Big cats on prowl, hunter states|jon_downes|jon@cfz.org.uk|01/13/05 at 12:13:41|jon_downes|xx|0|172.188.197.10|
http://www.nwanews.com/story.php?paper=adg&section=News&storyid=102217

Big cats on prowl, hunter states
BY KATHERINE MARKS
Posted on Saturday, December 18, 2004
URL: http://www.nwanews.com/story/adg/102217

Daniel "D. C." Morrison knows that cougars aren't supposed to exist in
Arkansas.
But claw marks and two sets of tracks side by side at his mother's
Jonesboro farm were enough to prompt him to place a newspaper ad among
postings for rifles, shotguns and pistols: "Hounds Wanted for Mountain
Lion Hunt in Arkansas. Call" .... "They're definitely mountain lion
tracks," said Morrison, who placed the ad in the Arkansas
Democrat-Gazette last week.

While he hasn't gotten official confirmation that the impressions in the
dirt leading into his elderly mother's barn are mountain lion tracks,
Morrison said he has hunted mountain lions in Utah and is familiar with
marks the big cats leave. "It just looks like a mountain lion track. I
had a little trouble believing it myself," he added. So did his
85-year-old mother, Pauline Morrison. "That's just the neighbor's cat,"
she told her granddaughter Leslie Winchester when Winchester pointed out
a suspicious-looking feline she had spotted just before Thanksgiving.
Winchester said it was about the size of her 60-pound dog.
Since then, the elder Morrison has seen something that definitely is not
the neighbor's cat. "It was just a great big animal. It's as yellow as
yellow can be."

Pauline Morrison's son-inlaw, Jerry Williams, stops short of saying the
beast is a mountain lion. But he doesn't like the idea of two big cats
roaming the farm, and he doesn't think a bobcat could have made the
tracks. His wife thought she caught a glimpse of a long tail - a
feature a bobcat lacks - going into the brush near the barn.
Morrison wants to use cameras now set up around deer stands on the
160-acre property to attempt to photograph the stealthy yellow visitors.
As a backup plan, he says he might dig up one of those tracks and
consult an expert.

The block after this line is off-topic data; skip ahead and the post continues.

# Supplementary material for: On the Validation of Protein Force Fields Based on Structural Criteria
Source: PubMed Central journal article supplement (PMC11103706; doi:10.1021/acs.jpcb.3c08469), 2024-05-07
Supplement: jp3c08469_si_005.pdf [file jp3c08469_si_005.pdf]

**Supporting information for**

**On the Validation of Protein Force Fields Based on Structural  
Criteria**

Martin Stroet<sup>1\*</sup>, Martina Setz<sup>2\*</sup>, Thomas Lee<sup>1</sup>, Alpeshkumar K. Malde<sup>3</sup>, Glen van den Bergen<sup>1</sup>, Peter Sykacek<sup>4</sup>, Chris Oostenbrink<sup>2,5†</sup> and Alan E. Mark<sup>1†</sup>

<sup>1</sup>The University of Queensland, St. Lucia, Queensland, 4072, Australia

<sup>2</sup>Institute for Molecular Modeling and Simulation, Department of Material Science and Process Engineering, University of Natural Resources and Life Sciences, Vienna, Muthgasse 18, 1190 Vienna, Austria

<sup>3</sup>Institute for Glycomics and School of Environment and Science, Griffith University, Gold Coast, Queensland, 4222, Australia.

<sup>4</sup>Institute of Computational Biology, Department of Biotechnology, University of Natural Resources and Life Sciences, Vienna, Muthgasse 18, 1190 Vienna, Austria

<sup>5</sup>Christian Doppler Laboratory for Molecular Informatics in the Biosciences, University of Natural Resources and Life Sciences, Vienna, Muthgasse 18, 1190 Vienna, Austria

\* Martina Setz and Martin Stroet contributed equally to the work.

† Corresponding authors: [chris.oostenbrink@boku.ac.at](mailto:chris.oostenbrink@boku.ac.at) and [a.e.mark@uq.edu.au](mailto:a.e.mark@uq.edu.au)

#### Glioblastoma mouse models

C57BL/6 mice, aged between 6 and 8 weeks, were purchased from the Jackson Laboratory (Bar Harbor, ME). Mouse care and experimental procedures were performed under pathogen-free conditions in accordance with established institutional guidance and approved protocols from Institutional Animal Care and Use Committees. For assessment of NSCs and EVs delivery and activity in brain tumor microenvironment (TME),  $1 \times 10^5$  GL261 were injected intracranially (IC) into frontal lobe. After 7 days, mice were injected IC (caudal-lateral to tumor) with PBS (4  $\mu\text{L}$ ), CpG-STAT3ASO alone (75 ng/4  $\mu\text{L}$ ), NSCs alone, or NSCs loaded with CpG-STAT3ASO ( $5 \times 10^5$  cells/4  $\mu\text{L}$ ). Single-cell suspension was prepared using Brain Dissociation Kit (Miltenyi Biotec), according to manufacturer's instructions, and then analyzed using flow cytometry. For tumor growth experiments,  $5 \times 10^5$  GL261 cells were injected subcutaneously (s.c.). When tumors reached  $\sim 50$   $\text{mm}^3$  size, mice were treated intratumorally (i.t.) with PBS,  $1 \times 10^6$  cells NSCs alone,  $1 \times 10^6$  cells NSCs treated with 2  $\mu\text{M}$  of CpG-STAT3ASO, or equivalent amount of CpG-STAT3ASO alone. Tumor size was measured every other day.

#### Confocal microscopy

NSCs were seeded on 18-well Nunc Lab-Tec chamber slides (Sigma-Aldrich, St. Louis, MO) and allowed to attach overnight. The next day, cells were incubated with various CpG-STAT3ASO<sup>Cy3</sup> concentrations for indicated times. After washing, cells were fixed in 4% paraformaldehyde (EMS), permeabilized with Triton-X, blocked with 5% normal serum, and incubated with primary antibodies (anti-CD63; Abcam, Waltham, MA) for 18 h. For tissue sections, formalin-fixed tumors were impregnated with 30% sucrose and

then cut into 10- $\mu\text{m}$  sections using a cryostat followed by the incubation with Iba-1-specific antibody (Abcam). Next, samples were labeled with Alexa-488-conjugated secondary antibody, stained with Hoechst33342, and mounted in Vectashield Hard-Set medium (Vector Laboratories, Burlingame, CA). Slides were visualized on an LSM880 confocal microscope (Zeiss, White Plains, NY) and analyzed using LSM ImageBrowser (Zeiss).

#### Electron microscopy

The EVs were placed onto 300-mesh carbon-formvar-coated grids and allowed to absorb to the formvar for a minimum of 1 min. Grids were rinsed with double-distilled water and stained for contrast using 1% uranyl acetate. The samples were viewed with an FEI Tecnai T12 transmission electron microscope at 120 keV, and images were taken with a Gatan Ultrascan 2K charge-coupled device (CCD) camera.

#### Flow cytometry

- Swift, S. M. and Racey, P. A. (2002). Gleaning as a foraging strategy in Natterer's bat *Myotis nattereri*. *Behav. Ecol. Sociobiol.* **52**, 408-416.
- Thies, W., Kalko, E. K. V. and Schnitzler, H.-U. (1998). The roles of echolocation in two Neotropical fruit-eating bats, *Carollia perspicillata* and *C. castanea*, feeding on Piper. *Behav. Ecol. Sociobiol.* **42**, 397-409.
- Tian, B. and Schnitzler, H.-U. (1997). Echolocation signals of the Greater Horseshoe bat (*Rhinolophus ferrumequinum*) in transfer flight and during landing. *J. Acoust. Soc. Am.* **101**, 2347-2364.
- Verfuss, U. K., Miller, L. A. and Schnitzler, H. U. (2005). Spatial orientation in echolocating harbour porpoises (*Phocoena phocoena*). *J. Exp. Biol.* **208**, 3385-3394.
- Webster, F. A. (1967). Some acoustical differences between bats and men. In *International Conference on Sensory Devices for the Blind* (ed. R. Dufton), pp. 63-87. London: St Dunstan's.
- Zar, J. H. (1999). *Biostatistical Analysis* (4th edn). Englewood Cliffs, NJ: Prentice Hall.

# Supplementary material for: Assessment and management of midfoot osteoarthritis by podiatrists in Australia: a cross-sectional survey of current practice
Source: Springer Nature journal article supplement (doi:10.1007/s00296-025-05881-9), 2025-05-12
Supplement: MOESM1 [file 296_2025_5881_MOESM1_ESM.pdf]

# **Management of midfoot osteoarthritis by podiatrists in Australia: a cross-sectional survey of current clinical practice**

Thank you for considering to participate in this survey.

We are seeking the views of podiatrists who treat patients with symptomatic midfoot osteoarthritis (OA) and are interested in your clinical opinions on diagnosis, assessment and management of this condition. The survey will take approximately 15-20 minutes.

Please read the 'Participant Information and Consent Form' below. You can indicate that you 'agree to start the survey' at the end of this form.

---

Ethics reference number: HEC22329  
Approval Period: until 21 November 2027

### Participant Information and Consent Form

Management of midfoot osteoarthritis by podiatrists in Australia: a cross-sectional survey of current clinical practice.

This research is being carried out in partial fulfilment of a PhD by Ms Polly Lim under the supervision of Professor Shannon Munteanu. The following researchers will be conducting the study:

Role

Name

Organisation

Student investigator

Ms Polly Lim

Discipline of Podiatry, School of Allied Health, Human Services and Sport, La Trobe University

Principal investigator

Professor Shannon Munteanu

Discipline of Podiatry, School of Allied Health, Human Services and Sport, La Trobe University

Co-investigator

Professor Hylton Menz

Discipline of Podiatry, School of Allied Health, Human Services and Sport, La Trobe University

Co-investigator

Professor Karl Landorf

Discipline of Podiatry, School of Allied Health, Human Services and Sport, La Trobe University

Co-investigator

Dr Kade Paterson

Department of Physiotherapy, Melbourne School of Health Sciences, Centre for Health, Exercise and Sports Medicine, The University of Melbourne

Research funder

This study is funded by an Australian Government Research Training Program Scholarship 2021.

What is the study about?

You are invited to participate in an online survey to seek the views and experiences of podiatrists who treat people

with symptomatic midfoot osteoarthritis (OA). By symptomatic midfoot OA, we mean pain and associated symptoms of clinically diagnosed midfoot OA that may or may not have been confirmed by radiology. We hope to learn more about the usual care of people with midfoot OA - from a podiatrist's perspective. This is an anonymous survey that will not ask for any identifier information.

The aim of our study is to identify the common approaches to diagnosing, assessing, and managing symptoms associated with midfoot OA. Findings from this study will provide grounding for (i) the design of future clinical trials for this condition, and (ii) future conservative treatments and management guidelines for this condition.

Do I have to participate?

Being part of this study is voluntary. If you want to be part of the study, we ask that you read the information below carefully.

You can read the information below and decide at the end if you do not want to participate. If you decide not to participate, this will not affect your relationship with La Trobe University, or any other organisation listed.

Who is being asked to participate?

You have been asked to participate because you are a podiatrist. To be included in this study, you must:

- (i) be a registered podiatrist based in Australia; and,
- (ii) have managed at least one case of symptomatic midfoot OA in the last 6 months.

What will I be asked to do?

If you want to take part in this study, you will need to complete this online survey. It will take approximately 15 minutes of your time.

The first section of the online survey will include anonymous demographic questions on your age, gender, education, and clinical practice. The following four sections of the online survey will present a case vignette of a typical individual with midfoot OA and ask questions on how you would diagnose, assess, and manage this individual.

In the meantime, Morrison's advertisement got the attention of Willie
Chism, a 25-year-old ex-Marine-turned-locksmith.
Chism doesn't plan to use hounds. Instead, he plans to solve the mystery
next week by hunting the big cats with the help of an Army buddy, a job
that he thinks will take two days and one high-powered rifle.
Daniel Morrison jokes that the Louisiana-bred Chism wants some mountain
lion gumbo.
Jokes aside, Chism said he simply wants to help a family in need and to
bone up on his hunting skills.
He has never hunted a mountain lion, which he expects will hunt him
back.
He has no doubts that the big cats are there and can probably be found
elsewhere in the Natural State. "Oh, they definitely exist in Arkansas."

Daniel Morrison said relatives were told by someone at the state's Game
and Fish Commission that the animals were released intentionally.
On Tuesday, Keith Stephens, a spokesman for the Game and Fish
Commission, said he was unaware of any reports of mountain lions being
released.

Animal control officers and law enforcement agencies in the Jonesboro
area also were unaware of such reports.
Stephens said if the animals are considered threats to livestock or
people they can be killed. "Every so often we get reports that people
have seen them," Stephens sad. "The tracks are hard to find, and usually
they turn out to be [from] dogs."

Between 100 and 150 mountain lions - also called cougars, pumas or
Florida panthers - live in captivity in the state, Stephens said,
citing a 4-year-old survey by the commission.
The U.S. Department of Agriculture requires the owners of big cats to
have livestock permits.
While there have been reports in the past of animals being released or
escaping captivity, all of the animals were either killed or recaptured.
Stephens said there are typically one or two sightings reported each
year.

Between 1997 and 2001, the commission recorded eight such escapes.
There could have been more that were reported to local authorities but
not to the commission, he added. "We're out there watching the native
animals, not the non-native," he said.
The commission says the state's wild mountain lion population died out
nearly a century ago when hunters exterminated them and nearly wiped out
the white tail deer on which the animals preyed.

In 2001, the commission took the big cats off the state's endangered
species list, a rare move, and declared that there were no wild mountain
lions in Arkansas.
But some think that the cats are resurfacing, and the opinions of
experts and locals often differ.
Last year, a camera triggered by a heat sensor captured an image of a
mountain lion in the Winona Wildlife Management Area west of Little
Rock.

Around the same time, Hot Springs residents reported seeing mountain
lions and were convinced that the cats were the culprits in two dog
maulings. An expert hired by the commission found no evidence of
mountain lions in the area.
There were at least two dozen reports of mountain lion sightings in
Arkansas between 1990 and 2003.

Copyright 2001-2004 Arkansas Democrat-Gazette, Inc. All rights
reserved.
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